The upper-echelons model of Hambrick and Mason ((1984). Academy of Management Review, 9, 193-206) launched a new area of research and provided the first overall theoretical framework for use in understanding how the experiences, backgrounds, and values of senior executives in organizations can influence the decisions that they make. The model is typically assumed to be what Rousseau ((1985). In: B. M. Staw, & L. L. Cumming (Eds), Research in organizational behavior (Vol. 7, pp. 1-37). Greenwich, CT: JAI Press) calls "multi-level," as it describes how both individuals and top management teams (TMTs) make decisions in line with their preferences, biases, and values; the same model is applicable to both individuals and groups. However, the levels issues in the model have never been subjected to rigorous analysis. This chapter juxtaposes levels concepts and theories on the upper-echelons model, in an effort to highlight its strengths as well as its weaknesses. While the majority of researchers use the model to describe team-level decision making, the analysis presented here reveals that the model is inherently individual-level in focus, and several important limitations must be overcome before the model will provide a full explanation of team-level decision making.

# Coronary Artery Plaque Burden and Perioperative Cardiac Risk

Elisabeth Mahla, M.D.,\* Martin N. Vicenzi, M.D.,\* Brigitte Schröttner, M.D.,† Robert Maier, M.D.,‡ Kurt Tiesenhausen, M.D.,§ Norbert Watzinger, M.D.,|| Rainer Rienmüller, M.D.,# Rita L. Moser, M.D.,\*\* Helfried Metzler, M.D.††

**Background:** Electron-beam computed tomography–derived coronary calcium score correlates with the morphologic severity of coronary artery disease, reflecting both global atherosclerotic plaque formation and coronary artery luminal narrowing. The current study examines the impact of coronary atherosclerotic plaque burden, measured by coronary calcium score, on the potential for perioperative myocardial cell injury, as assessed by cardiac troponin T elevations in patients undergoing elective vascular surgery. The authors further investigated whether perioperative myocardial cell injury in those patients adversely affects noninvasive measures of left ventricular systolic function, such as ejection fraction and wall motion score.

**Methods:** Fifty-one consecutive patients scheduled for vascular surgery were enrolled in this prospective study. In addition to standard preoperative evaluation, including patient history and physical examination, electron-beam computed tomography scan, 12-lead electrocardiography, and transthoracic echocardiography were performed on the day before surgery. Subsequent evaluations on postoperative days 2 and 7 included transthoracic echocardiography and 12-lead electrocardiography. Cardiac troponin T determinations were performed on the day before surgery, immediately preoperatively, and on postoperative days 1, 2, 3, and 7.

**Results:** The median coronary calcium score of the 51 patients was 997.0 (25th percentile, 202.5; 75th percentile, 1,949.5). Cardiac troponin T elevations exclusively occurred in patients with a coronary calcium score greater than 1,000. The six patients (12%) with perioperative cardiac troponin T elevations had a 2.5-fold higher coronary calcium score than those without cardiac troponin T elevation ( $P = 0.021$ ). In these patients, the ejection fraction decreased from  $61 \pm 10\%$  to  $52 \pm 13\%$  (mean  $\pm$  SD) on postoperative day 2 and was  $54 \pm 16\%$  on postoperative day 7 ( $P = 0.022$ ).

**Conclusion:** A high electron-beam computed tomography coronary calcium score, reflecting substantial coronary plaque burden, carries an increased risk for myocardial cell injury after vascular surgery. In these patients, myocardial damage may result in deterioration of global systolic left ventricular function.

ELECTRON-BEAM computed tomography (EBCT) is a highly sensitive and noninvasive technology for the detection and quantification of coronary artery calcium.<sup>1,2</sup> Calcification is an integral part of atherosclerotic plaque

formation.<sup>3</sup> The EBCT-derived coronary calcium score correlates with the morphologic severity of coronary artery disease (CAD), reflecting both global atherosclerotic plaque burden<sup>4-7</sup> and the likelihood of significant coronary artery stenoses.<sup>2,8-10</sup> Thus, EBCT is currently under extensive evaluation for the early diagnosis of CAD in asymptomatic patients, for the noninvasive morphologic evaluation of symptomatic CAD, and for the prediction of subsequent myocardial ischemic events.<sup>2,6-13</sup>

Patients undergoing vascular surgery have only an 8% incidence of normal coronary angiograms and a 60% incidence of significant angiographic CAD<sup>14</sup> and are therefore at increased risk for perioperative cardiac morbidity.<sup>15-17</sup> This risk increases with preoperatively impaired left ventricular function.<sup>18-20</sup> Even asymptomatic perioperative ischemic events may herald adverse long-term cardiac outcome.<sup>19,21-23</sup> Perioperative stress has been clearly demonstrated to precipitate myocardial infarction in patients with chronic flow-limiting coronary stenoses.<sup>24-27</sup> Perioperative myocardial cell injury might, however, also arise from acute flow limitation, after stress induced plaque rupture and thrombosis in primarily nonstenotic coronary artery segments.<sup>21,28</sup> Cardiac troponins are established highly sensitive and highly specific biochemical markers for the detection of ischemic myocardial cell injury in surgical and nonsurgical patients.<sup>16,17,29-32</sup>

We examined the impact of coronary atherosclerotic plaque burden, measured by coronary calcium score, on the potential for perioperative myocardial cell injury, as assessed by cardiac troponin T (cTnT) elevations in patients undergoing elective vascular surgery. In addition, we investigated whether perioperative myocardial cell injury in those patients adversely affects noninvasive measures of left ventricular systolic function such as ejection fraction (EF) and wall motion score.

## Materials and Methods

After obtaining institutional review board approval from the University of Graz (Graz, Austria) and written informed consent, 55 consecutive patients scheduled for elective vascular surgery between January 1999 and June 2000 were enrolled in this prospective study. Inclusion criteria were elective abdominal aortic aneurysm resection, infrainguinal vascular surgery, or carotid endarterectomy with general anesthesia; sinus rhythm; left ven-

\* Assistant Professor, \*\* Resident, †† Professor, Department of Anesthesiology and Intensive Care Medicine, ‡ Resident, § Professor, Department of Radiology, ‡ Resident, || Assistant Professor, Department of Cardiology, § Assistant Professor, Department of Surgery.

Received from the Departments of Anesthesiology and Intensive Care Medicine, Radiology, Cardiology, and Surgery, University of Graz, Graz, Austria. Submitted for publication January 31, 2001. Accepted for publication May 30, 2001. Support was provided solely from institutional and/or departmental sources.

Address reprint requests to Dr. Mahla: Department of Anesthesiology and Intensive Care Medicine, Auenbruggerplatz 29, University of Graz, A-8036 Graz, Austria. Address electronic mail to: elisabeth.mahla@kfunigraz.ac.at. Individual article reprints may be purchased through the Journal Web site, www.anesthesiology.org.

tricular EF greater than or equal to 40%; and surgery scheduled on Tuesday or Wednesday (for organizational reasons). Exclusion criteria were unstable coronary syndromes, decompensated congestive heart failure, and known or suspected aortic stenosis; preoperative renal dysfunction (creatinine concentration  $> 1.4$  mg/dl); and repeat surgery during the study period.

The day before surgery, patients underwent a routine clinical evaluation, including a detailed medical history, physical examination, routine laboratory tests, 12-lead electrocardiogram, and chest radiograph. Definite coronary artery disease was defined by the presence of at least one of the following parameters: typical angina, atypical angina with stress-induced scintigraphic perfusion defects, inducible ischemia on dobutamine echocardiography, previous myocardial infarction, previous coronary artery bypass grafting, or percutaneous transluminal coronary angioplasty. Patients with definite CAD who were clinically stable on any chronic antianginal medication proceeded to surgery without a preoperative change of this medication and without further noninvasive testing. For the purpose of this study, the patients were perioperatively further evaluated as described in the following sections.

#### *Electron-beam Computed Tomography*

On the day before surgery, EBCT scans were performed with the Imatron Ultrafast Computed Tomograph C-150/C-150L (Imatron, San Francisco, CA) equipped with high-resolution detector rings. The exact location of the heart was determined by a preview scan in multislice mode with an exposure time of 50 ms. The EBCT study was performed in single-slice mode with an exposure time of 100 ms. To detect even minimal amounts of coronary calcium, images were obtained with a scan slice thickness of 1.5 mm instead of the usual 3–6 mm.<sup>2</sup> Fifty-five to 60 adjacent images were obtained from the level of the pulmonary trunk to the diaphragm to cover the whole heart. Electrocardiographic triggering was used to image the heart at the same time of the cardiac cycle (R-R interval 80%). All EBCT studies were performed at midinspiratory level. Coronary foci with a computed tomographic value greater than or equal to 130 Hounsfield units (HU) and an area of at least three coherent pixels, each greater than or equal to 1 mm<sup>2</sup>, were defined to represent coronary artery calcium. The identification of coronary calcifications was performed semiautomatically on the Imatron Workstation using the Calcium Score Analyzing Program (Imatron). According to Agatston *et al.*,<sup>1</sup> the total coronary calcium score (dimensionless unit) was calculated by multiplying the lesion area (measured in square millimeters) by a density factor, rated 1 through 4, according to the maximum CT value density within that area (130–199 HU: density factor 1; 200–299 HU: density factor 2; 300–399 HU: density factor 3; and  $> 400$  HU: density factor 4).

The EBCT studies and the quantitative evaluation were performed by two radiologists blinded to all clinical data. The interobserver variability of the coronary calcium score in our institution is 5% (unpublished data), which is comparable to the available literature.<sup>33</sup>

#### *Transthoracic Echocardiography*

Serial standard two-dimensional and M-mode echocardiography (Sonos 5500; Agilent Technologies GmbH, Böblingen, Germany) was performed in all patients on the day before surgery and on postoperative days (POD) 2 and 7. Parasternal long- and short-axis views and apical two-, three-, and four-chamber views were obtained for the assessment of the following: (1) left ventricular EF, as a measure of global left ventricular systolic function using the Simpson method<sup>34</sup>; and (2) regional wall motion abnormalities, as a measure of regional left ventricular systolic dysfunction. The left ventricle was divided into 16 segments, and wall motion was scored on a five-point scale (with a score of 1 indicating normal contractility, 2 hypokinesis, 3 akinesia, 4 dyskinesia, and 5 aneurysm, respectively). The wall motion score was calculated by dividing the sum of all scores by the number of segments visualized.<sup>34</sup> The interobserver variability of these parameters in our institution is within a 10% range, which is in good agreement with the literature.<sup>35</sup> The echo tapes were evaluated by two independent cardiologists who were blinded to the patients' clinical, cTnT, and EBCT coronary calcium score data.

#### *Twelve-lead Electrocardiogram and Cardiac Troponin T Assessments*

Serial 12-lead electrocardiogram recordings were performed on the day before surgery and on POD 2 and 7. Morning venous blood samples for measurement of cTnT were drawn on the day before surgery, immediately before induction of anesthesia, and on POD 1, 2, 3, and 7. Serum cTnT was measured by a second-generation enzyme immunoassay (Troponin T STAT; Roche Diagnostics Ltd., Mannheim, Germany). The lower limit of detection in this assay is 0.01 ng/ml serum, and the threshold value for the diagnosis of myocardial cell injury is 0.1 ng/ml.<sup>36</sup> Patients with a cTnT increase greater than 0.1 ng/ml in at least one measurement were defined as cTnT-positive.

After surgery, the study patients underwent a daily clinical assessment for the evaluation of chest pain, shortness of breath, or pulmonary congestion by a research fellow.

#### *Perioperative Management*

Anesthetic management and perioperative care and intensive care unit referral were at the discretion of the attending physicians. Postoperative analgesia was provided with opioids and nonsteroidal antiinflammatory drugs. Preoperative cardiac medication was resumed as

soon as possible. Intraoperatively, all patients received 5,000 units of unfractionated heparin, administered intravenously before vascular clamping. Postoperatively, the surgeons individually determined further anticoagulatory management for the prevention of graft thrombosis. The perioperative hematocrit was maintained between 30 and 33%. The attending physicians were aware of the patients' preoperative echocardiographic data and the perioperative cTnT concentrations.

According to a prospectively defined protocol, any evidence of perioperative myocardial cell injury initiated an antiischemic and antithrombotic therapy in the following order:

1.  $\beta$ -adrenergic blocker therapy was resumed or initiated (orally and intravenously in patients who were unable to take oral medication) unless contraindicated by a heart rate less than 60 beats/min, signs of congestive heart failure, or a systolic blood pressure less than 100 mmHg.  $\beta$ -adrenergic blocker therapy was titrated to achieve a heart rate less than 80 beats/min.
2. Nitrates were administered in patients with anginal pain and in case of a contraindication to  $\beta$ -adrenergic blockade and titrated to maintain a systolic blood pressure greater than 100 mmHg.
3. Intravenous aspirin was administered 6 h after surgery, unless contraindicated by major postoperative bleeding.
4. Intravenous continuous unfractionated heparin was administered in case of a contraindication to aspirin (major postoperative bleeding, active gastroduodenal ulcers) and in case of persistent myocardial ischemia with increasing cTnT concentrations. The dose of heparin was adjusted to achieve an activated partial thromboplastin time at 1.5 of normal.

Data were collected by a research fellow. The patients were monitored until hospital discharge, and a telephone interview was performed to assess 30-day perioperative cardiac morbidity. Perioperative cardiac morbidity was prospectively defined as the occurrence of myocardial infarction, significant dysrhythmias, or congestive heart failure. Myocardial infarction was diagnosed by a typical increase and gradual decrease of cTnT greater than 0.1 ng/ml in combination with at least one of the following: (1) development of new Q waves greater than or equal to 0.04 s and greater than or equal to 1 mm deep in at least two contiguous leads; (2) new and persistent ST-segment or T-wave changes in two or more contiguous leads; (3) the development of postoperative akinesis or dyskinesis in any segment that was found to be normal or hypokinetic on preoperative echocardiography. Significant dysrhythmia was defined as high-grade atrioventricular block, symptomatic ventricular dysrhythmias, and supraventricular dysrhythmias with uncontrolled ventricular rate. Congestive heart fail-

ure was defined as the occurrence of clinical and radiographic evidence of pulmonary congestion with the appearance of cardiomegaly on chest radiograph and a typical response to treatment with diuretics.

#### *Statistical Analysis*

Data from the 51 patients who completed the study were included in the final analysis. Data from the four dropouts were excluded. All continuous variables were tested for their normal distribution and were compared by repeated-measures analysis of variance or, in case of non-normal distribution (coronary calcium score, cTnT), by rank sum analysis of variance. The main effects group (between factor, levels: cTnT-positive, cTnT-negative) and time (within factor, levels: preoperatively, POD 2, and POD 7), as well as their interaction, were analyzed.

|Original language||English (US)|
|Number of pages||43|
|Journal||Research in Multi-Level Issues|
|State||Published - 2005|
ASJC Scopus subject areas
- Economics, Econometrics and Finance (miscellaneous)